Lumber Liquidators is set to pay $13.2 million to end the lengthy federal case over questionably sourced lumber, reported Bloomberg Business. The questions arose in 2013 when the U.S. began an investigation into some of the foreign suppliers within the company's supply chain. Investigators took particular interested in wood sourced from forests that house the nearly extinct Serbian tigers, said the source.
Lumber Liquidators stocks felt the effects of the scandal over the past year. Overall the stocks had dropped down 78 percent, noted Bloomberg. Since the announcement of the fine payments, stocks jumped back up nearly 10 percent.
Supply chain discovery
According to Big News Network.com, the discovery of problematic sourcing with the company was the result of a U.S. Energy Information Administration undercover investigation. The investigation was intended to expose Russian Far East illegal wood trading.
The supply chains affected by this wood run all the way through China, which was where the EIA uncovered a company that cited Lumber Liquidators as its biggest trading partner. The company also confessed to illegal logging practices and bribery, reported Big News.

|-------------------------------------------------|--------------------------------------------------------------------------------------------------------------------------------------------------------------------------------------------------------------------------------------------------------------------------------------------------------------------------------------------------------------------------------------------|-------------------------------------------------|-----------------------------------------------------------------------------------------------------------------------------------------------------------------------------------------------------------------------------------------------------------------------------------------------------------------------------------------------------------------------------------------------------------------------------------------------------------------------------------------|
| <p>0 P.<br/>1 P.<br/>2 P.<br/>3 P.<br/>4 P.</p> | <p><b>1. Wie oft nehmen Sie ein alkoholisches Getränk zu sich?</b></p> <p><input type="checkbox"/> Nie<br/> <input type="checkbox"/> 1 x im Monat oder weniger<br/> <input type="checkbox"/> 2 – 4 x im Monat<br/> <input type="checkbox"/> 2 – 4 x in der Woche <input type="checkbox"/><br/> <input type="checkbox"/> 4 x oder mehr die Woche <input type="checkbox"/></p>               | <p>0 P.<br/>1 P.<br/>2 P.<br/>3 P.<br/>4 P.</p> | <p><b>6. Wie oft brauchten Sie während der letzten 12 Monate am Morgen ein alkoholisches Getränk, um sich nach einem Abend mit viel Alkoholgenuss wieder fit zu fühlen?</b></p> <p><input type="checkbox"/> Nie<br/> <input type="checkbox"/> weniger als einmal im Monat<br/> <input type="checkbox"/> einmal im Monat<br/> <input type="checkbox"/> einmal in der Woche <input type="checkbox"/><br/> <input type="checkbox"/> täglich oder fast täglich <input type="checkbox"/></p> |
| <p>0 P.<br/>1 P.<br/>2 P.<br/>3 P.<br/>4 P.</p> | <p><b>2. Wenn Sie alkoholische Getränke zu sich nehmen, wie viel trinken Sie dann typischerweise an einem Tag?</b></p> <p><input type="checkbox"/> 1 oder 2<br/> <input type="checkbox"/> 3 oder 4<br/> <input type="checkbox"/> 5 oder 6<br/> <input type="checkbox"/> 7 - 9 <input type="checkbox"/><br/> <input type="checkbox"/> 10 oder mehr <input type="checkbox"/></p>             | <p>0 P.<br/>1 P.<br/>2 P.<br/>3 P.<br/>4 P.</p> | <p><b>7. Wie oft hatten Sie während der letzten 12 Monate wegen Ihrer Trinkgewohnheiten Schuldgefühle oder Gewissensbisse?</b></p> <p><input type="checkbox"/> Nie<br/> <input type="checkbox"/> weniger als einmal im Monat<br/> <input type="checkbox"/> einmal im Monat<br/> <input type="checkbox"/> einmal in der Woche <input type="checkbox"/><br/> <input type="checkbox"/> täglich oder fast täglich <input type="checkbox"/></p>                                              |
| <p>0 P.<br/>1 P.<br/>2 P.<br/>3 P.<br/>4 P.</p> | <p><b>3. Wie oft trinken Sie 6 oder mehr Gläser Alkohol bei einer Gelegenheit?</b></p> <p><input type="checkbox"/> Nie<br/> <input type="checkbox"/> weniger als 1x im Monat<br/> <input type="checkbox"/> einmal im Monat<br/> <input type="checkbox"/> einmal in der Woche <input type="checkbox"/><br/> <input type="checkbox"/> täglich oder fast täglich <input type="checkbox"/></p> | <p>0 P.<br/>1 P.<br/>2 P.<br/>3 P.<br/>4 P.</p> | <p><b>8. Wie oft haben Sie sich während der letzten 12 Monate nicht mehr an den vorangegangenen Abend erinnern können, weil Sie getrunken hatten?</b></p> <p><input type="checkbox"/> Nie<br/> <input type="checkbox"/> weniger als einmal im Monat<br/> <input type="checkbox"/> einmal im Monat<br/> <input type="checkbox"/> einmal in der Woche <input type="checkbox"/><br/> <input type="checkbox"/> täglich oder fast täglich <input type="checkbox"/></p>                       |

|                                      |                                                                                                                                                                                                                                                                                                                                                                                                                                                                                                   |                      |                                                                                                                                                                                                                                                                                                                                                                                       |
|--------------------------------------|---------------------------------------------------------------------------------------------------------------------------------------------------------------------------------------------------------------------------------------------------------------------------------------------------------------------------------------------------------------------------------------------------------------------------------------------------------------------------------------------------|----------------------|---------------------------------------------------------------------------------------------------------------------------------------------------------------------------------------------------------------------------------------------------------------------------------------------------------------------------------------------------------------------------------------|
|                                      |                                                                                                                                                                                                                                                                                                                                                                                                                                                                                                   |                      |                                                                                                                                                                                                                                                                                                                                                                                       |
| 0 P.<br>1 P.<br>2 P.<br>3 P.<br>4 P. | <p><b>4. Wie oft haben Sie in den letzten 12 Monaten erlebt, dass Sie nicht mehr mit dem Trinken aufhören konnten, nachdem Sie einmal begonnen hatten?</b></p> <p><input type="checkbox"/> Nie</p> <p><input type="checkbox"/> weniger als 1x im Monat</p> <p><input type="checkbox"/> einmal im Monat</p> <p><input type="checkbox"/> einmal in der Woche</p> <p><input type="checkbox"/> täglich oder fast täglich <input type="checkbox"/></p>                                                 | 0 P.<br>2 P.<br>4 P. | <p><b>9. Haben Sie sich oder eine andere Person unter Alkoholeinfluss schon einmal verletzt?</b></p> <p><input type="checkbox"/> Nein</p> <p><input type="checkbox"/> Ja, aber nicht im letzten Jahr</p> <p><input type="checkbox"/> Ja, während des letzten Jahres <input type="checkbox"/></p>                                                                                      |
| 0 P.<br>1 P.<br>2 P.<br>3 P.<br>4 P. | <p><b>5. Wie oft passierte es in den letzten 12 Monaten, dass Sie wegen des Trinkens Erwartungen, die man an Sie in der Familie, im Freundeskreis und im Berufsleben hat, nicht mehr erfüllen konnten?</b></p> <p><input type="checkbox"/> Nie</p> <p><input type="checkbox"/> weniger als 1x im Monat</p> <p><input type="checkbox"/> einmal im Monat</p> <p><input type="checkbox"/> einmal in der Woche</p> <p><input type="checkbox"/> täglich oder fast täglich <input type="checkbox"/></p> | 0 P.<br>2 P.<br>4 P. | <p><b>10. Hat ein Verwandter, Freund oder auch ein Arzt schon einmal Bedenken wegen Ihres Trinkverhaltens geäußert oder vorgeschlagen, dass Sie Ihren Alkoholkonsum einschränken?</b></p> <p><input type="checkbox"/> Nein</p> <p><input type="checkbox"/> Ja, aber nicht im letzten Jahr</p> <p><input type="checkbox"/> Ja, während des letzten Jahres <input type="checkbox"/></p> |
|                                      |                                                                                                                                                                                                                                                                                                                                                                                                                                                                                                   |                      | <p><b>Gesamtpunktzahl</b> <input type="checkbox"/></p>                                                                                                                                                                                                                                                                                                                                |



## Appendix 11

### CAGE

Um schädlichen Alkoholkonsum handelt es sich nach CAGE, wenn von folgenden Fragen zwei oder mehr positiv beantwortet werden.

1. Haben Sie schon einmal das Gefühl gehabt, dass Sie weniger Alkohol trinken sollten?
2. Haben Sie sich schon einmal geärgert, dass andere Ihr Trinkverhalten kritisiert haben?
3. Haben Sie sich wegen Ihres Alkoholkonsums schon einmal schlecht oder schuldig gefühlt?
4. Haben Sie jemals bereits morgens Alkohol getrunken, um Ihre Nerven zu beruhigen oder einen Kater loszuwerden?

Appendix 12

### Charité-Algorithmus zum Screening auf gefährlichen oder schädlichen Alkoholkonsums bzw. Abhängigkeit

While the announcement of these payments has seemed to help the company's overall stock, executive director of the EIA Alexander Von Bismarck does not think the money makes up for the damage the company has caused.
"A $10 million fine is small compared to the destruction caused in the forests, but the real cost to the company will come from having to forego cheap, stolen wood in their supply chain while the DOJ looks over their shoulder. This will be a major adjustment," said Bismarck, according to Big News Network.com.
The coming months will require some serious review of Lumber Liquidators' supply management to ensure they avoid similar predicaments in the future. Similarly, spend management leaders will have to evaluate a new sourcing technique for the company at large.
The Lacey Act
The federal charges brought against Lumber Liquidators directly related to the company's violation of the Lacey Act, wrote Consumer Affairs. The Lacey Act, which came into effect in 1900, prohibits the trade of illegally taken, sold or transported wildlife, fish or plants.
The $13 million in fines will be split between community service payments and fines with the remainder of the money going to the National Fish and Wildlife Foundation, said the source.